How Star Wars Conquered the Universe – Book Thoughts

There’s something different about Star Wars. Unlike most other media that has a captivated audience, Star Wars has been universally loved by million (Billion) globally. How Star Wars Conquered the Universe by Chris Taylor delves into how Star Wars came about and examines its impact on society at-large.

This (long) book tells the broad story of Star Wars – how it came to be, how it has effected films, and how it has effected fans.  It’s a great anthology of the story of Star Wars and its Creator George Lucas.

Thought it is mostly a biography of George Lucas, it’s really only as it pertains to Star Wars.  Intermixed with the book are stories of relatively extreme fan stories that highlight how much Star Wars has impacted individuals.  The biggest theme for me was that Star Wars was at its best when a group of talented artists and engineers contributed to the stories in a successful way.

While George Lucas is certainly the intellectual founder of Star Wars, the Star Wars films – the original trilogy at least – and Clone Wars animated series were successes because of this “posse” of creative contributors.  The visual style of Star Wars is really a creation by Ralph McQuarrie.  His artwork is really what sold the original film to 20th Century Fox.  His artwork continues to inspire Star Wars creations today.  For each of the original trilogy films, George had assembled a cadre of writers to critique and update the dialog and specific plot elements.  Irvin Kirshner (Empire) was successful at getting the best performances from the cast while Richard Marquand produced far better directed films.  John Williams score was and is legendary.  Simply put, this team produced results that covered any shortcomings in Lucas’ implementation.

The fans of these films were so inspired by these films that they created institutions of their own to celebrate their appreciation.  The most notable of these organizations are the 501st, a global group of individuals who create film-accurate costumes of Storm troopers and appear at various public outreach events.  The largest, and perhaps less known, are builders of R2-D2.  This club has tends of thousands of members who actively work to build their own, operational versions of the famous droid.  Two such members were hired by Lucasfilm to build droids for Episode VII as they could build droids for a fraction of the cost of the usual studio suspects.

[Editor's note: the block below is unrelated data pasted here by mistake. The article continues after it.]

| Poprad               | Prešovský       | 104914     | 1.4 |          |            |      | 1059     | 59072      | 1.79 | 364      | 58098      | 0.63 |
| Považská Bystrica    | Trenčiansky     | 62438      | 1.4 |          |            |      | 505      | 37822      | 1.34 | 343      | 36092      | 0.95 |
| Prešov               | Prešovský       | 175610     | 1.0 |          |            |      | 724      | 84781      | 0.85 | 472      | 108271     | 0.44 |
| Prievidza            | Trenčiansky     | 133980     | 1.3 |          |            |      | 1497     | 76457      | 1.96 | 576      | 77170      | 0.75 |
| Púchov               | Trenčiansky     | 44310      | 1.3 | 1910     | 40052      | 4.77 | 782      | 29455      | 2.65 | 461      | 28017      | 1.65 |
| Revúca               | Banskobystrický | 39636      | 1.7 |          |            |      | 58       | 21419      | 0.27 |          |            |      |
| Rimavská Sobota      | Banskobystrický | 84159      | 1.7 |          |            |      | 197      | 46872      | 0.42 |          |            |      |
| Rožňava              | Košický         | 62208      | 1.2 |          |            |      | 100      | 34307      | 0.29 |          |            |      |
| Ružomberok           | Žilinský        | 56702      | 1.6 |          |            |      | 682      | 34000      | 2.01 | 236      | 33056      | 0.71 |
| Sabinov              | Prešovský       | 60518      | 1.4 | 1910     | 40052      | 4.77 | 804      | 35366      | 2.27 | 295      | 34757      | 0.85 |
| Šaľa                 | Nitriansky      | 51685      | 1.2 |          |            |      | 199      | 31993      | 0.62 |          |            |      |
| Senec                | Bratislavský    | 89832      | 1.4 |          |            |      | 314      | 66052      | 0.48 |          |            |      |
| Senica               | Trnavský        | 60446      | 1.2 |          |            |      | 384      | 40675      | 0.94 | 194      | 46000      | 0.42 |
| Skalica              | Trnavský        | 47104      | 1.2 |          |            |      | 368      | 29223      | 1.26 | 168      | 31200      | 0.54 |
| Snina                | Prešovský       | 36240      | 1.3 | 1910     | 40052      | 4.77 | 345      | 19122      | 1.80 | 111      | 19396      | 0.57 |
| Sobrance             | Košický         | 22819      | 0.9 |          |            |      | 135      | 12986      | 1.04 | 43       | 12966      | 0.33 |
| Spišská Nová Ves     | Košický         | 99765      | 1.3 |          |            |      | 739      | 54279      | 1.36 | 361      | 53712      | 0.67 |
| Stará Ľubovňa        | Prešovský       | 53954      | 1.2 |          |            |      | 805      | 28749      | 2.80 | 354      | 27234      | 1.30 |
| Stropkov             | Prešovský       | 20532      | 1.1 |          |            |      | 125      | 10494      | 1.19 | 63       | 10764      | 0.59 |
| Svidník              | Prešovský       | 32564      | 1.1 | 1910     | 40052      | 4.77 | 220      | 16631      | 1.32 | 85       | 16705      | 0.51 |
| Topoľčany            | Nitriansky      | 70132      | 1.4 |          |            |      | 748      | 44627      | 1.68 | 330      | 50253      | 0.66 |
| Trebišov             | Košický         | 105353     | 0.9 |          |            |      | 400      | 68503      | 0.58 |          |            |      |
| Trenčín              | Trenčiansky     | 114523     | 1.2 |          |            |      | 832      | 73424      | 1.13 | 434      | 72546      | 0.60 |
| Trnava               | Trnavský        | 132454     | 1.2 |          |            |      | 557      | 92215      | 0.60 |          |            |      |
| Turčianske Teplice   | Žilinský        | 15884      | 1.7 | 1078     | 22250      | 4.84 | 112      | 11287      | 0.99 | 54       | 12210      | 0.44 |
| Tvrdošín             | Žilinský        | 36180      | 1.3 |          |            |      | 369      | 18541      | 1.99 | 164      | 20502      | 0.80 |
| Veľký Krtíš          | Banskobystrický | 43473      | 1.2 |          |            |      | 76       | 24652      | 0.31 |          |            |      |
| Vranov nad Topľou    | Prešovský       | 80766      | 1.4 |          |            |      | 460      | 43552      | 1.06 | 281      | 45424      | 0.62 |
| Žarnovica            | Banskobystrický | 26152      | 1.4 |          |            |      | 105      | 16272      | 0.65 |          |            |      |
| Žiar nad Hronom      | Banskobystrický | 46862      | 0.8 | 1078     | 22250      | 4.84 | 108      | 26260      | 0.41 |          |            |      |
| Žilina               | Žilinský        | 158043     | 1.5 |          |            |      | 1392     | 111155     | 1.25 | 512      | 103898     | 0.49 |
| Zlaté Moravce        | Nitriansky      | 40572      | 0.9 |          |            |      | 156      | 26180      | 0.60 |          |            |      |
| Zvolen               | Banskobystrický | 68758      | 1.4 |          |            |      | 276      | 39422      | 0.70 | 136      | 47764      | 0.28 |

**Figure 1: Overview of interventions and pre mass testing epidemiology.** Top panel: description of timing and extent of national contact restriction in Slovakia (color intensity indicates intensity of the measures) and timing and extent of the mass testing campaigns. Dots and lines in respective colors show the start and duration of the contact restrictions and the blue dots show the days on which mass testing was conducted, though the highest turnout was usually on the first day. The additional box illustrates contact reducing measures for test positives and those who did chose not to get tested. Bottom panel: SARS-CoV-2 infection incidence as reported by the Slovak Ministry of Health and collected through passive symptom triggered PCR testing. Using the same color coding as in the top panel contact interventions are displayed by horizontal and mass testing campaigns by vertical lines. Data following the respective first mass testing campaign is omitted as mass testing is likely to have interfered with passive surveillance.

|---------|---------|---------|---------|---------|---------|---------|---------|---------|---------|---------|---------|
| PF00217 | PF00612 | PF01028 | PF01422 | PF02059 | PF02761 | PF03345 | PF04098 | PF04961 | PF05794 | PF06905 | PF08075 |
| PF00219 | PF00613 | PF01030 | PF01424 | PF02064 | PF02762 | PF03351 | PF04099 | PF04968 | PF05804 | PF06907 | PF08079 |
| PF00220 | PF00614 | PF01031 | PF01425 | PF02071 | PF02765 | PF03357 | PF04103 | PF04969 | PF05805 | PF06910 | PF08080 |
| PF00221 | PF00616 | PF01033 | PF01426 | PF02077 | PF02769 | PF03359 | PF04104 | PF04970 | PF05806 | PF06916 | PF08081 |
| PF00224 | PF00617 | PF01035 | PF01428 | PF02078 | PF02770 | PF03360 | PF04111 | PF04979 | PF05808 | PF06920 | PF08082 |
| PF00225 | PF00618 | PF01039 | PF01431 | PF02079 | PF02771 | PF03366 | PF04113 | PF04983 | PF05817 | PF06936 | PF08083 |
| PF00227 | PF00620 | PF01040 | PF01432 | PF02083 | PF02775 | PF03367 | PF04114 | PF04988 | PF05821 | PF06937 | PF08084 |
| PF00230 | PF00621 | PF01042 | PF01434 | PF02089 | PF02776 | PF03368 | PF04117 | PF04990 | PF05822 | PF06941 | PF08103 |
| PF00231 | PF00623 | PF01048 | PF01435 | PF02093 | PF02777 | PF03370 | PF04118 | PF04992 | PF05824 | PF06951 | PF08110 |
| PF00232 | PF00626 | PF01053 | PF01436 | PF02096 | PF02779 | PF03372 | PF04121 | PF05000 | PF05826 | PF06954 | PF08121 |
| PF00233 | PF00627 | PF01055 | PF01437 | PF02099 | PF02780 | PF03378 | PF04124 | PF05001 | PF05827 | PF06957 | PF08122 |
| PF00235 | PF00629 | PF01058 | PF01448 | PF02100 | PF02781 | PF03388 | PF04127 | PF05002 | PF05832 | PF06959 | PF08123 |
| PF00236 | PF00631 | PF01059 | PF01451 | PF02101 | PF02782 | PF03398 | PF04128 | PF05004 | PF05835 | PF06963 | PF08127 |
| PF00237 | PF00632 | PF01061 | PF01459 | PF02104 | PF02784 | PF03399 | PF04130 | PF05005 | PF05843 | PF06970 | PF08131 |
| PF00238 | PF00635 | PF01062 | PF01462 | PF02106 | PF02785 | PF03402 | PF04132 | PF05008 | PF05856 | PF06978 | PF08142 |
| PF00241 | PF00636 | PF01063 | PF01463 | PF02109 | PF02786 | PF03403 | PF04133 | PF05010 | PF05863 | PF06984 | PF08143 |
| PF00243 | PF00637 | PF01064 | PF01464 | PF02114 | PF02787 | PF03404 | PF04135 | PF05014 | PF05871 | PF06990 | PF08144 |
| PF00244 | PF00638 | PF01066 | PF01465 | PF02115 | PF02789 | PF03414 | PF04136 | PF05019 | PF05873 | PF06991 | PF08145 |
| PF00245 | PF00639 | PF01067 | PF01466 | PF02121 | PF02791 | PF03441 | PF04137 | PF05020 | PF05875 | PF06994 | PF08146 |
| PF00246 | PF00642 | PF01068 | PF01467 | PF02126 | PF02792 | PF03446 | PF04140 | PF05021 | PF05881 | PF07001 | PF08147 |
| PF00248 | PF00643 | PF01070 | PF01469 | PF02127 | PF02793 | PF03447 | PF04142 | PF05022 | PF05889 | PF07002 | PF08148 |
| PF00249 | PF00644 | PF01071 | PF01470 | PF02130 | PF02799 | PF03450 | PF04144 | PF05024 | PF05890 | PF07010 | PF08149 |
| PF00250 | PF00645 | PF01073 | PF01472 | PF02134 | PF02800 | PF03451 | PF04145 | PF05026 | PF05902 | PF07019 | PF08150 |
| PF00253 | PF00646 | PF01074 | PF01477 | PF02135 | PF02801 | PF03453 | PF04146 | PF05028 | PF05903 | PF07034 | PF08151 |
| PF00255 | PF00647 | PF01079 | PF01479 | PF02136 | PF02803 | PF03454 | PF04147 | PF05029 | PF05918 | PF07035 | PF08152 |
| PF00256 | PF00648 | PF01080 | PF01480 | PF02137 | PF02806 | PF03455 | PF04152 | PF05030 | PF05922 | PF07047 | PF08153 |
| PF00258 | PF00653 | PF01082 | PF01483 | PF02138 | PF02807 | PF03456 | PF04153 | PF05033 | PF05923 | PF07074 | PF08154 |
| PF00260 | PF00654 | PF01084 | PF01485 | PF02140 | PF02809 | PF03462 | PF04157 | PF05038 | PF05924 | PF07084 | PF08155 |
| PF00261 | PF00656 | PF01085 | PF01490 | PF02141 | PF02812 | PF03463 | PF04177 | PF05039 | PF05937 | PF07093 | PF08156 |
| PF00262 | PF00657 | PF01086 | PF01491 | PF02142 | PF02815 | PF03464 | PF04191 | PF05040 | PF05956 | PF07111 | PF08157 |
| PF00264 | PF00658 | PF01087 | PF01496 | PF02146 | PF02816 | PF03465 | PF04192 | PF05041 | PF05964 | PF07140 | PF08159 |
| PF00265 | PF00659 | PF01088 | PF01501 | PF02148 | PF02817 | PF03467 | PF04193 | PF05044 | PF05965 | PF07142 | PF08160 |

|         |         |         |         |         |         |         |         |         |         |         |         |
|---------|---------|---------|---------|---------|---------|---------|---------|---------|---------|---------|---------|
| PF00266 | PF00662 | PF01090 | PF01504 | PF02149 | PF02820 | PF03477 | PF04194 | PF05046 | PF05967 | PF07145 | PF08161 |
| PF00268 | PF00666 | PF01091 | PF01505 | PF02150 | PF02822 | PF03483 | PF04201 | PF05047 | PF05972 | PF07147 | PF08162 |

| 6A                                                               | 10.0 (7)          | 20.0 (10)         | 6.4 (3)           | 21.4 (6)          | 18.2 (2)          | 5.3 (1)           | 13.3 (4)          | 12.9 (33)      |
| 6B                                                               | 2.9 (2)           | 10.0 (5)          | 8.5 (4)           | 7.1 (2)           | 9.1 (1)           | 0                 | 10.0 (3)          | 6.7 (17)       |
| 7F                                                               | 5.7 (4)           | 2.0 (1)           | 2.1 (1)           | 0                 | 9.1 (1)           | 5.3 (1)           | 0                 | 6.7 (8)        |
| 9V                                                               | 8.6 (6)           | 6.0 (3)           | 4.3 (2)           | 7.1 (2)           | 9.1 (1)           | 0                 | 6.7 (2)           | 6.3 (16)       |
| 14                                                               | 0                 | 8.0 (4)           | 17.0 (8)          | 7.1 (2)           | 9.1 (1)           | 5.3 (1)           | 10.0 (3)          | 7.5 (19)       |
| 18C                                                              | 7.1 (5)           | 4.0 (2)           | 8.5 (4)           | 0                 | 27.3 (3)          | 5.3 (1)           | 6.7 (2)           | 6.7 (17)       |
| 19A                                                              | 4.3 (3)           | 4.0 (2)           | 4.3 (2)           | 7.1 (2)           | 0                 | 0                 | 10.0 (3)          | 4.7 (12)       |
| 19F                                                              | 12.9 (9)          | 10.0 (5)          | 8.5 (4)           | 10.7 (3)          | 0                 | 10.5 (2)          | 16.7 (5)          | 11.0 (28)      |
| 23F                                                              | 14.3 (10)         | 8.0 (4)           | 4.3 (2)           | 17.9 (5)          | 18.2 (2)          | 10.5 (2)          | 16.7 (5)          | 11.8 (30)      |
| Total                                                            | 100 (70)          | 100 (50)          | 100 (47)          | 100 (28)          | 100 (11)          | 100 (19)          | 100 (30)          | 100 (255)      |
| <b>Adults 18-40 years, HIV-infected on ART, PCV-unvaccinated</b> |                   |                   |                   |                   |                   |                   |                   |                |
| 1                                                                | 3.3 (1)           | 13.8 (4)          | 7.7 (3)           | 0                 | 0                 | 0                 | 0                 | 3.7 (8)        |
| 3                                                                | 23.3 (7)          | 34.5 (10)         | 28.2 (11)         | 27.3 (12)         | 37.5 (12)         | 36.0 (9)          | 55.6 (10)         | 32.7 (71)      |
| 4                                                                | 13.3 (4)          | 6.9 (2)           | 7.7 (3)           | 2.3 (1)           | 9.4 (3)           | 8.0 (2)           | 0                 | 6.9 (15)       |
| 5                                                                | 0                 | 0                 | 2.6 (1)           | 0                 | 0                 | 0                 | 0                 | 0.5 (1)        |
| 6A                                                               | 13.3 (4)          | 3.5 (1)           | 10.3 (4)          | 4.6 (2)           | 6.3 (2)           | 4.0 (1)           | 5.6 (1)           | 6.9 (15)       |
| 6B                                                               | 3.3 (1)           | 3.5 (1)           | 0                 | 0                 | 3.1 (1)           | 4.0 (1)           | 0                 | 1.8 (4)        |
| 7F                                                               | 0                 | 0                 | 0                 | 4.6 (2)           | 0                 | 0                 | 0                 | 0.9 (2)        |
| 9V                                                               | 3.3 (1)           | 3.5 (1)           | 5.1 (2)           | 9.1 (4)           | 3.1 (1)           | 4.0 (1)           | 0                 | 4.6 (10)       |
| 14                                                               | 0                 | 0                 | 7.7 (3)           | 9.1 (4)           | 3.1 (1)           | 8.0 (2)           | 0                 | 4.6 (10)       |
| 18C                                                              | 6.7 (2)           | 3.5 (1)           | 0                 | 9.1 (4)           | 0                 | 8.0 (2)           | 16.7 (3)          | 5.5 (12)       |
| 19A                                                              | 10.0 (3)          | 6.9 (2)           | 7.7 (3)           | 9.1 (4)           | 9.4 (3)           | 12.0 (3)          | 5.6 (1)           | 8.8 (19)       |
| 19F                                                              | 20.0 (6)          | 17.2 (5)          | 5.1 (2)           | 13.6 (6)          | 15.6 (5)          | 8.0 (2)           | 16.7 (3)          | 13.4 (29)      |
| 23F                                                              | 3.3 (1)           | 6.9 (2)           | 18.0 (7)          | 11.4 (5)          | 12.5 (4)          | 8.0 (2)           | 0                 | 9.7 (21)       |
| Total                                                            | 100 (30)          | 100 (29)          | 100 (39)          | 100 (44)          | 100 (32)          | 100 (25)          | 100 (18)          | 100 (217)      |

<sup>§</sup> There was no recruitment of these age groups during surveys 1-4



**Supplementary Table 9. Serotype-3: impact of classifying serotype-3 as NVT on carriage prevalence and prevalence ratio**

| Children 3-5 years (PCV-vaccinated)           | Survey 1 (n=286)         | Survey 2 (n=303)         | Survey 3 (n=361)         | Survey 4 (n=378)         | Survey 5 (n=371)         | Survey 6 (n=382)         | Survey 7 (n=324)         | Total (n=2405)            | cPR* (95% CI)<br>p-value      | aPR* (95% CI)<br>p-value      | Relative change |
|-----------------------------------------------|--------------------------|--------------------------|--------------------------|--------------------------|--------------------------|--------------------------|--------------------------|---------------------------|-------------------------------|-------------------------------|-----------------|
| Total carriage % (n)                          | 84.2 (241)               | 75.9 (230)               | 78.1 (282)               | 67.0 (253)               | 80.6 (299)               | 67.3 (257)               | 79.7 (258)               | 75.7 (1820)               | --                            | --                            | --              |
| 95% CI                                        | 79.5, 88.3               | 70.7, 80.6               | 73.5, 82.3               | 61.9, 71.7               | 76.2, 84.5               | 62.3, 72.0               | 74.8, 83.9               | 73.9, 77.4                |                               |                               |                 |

The prequels were terribly received and had many specific shortcomings as films.  Their shortcomings were mostly due to the lack of this creative brain trust.  Lawrence Kasdan and the rest of Lucas’ go-to writers provided no insights into the scripts which were haphazardly put together.  George directed the films from behind monitors and provided very little insight about the story and characters to the actors.  He lacked any individuals – cast or crew – who would challenge his visions and implementation of these films.  And it showed.

Unlike with the original trilogy, the prequels – though still loved by many – inspired many spiteful responses.  There are dozens of negative video reviews of the film on Youtube.  There are also hundreds of fan-driven edits of the prequels; efforts to try and make the prequels not suck.  George heard all of this.  And in the end, it influenced his decision to sell Lucasfilm to Disney.  That and the billion of dollars and the awesome, and also stinking rich, wife he just married.

The book also highlight very interesting insights and dispels several points of folklore. Here are a few:

  • George Lucas struggled to write the original Star Wars script.  He never wrote a long, 9 episode epic and chose to focus on the middle three.  He barely got the one done by 1976.  However, he did have many small plot points that we get to see in the other films.
  • Much of what we see throughout the six films (and elsewhere) were, at one point, thoughts that emerged during George’s original struggling to write the first Star Wars script.  For example, Mace Windy was various characters; The original desert planet name was Utapau, not Tatooine (Utapau became the planet where Obiwan Kenobi kills General Grievous); Starkiller was the original name of the character that eventually became Luke Skywalker (we get some “Starkiller” in The Force Awakens).
  • George did not get sole rights to merchandise sales in the original Star Wars film.  He did, however, retain significantly more rights associated with the sequels.
  • The “I know” line had been premeditated by Harrison Ford and Irvin Kershner prior to filming the scene, differing than the account from Empire of Dreams.
  • Lots of the Star Wars alumni/contacts went on to participate in other Sci-fi films such as Alien, BladeRunner, and more.
  • The merchandising from the first Star Wars films ultimately helped to fund The Empire Strikes back that had quickly overrun its budget.
  • Richard Marquand was more of a yes-director for George than a visionary.  But given how well done Jedi is – in execution if not the story- (esp relative to the Prequels) I’d say he deserves more credit than the book gives him.
  • Every Star Wars film made money – even if they weren’t very good.
  • The earlier animated Clone Wars series won several Emmy’s.
  • Lucas *was* working on a live action series called “Underworld” that took place in the underbelly of Coruscant.

This is a fantastic book for true Star Wars fans.


[UPDATE] Watch this great talk given by Chris Taylor on “How Star Wars Conquered the Universe”.